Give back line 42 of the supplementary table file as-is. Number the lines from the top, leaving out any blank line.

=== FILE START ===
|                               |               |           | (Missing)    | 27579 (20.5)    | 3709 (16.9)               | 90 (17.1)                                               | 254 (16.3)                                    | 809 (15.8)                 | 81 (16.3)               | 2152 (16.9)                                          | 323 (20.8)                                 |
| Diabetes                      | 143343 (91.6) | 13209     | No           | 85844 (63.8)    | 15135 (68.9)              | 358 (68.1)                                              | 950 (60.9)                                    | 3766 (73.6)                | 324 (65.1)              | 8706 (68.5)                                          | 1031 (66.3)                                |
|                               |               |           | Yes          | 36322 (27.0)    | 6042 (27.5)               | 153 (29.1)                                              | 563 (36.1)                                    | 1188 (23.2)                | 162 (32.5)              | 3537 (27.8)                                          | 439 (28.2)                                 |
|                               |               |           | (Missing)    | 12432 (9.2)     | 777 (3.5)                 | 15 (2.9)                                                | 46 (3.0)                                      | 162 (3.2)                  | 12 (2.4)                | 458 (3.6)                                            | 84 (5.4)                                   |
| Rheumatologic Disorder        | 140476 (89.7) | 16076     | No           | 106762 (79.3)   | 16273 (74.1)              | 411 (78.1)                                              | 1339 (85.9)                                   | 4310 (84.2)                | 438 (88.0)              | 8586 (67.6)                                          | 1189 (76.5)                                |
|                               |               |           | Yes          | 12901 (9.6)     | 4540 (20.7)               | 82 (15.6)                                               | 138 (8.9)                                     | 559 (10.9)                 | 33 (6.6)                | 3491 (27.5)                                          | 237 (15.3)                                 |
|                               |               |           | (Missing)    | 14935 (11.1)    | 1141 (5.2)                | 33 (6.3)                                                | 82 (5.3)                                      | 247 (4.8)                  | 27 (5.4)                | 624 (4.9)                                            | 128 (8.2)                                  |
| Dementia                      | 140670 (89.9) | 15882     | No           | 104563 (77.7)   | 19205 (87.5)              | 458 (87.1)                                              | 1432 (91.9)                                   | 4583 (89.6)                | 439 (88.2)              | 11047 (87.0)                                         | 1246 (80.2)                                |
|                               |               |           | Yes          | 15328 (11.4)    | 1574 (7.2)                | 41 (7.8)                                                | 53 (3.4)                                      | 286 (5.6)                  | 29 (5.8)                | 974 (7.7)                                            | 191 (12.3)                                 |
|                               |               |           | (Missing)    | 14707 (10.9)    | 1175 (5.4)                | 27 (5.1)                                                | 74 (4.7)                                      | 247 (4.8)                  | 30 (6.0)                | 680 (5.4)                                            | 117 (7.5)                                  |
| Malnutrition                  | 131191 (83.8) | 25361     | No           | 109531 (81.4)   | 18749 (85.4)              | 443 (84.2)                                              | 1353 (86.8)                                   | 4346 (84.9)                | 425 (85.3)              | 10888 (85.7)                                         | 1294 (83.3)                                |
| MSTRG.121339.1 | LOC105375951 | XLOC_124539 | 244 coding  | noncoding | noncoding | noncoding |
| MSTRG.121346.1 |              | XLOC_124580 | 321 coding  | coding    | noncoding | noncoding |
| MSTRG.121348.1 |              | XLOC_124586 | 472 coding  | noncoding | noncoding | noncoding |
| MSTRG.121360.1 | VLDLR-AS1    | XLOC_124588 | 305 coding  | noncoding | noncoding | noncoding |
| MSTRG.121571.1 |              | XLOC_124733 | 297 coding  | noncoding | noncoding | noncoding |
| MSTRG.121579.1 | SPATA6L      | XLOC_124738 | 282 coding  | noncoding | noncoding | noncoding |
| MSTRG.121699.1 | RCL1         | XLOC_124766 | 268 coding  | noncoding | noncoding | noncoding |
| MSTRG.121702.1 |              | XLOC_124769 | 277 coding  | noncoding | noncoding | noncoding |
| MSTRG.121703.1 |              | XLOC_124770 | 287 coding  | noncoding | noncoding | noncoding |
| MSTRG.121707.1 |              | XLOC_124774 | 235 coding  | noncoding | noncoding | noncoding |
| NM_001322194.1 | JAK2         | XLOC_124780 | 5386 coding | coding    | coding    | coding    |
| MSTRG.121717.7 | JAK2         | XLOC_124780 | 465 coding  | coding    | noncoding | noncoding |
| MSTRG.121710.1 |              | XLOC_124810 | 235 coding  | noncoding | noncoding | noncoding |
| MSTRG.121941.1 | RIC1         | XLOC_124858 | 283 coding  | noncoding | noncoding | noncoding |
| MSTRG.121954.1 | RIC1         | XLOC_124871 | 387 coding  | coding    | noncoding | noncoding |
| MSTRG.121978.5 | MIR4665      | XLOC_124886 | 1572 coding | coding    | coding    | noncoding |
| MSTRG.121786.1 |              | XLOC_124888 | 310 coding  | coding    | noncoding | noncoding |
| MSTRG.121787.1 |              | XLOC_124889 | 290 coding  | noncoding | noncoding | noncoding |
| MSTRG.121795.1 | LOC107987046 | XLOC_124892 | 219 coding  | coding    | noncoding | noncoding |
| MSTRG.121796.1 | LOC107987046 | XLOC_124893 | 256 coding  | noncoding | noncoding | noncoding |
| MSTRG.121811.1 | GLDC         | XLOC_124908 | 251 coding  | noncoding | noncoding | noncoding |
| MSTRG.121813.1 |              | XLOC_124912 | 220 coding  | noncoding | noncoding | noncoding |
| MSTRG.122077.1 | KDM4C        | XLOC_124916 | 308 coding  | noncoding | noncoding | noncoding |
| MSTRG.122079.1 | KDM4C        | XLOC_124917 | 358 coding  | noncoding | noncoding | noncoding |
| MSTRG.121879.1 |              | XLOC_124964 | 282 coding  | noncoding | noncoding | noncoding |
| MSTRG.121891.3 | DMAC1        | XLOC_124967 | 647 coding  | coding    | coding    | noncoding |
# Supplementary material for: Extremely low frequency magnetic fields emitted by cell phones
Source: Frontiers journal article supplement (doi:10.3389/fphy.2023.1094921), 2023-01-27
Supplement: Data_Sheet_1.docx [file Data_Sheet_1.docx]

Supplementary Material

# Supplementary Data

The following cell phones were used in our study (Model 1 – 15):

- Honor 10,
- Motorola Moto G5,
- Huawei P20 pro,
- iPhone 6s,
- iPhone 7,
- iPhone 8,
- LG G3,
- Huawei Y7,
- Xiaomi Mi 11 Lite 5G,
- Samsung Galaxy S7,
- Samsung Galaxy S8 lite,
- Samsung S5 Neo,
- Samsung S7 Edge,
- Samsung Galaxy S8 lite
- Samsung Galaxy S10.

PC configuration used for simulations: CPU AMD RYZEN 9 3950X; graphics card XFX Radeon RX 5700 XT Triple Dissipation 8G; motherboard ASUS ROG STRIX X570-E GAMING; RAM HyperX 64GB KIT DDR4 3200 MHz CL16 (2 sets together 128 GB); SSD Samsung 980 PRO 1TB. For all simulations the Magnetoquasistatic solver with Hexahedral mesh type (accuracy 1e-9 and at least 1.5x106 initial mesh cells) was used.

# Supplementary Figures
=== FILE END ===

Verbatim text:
# Supplementary Data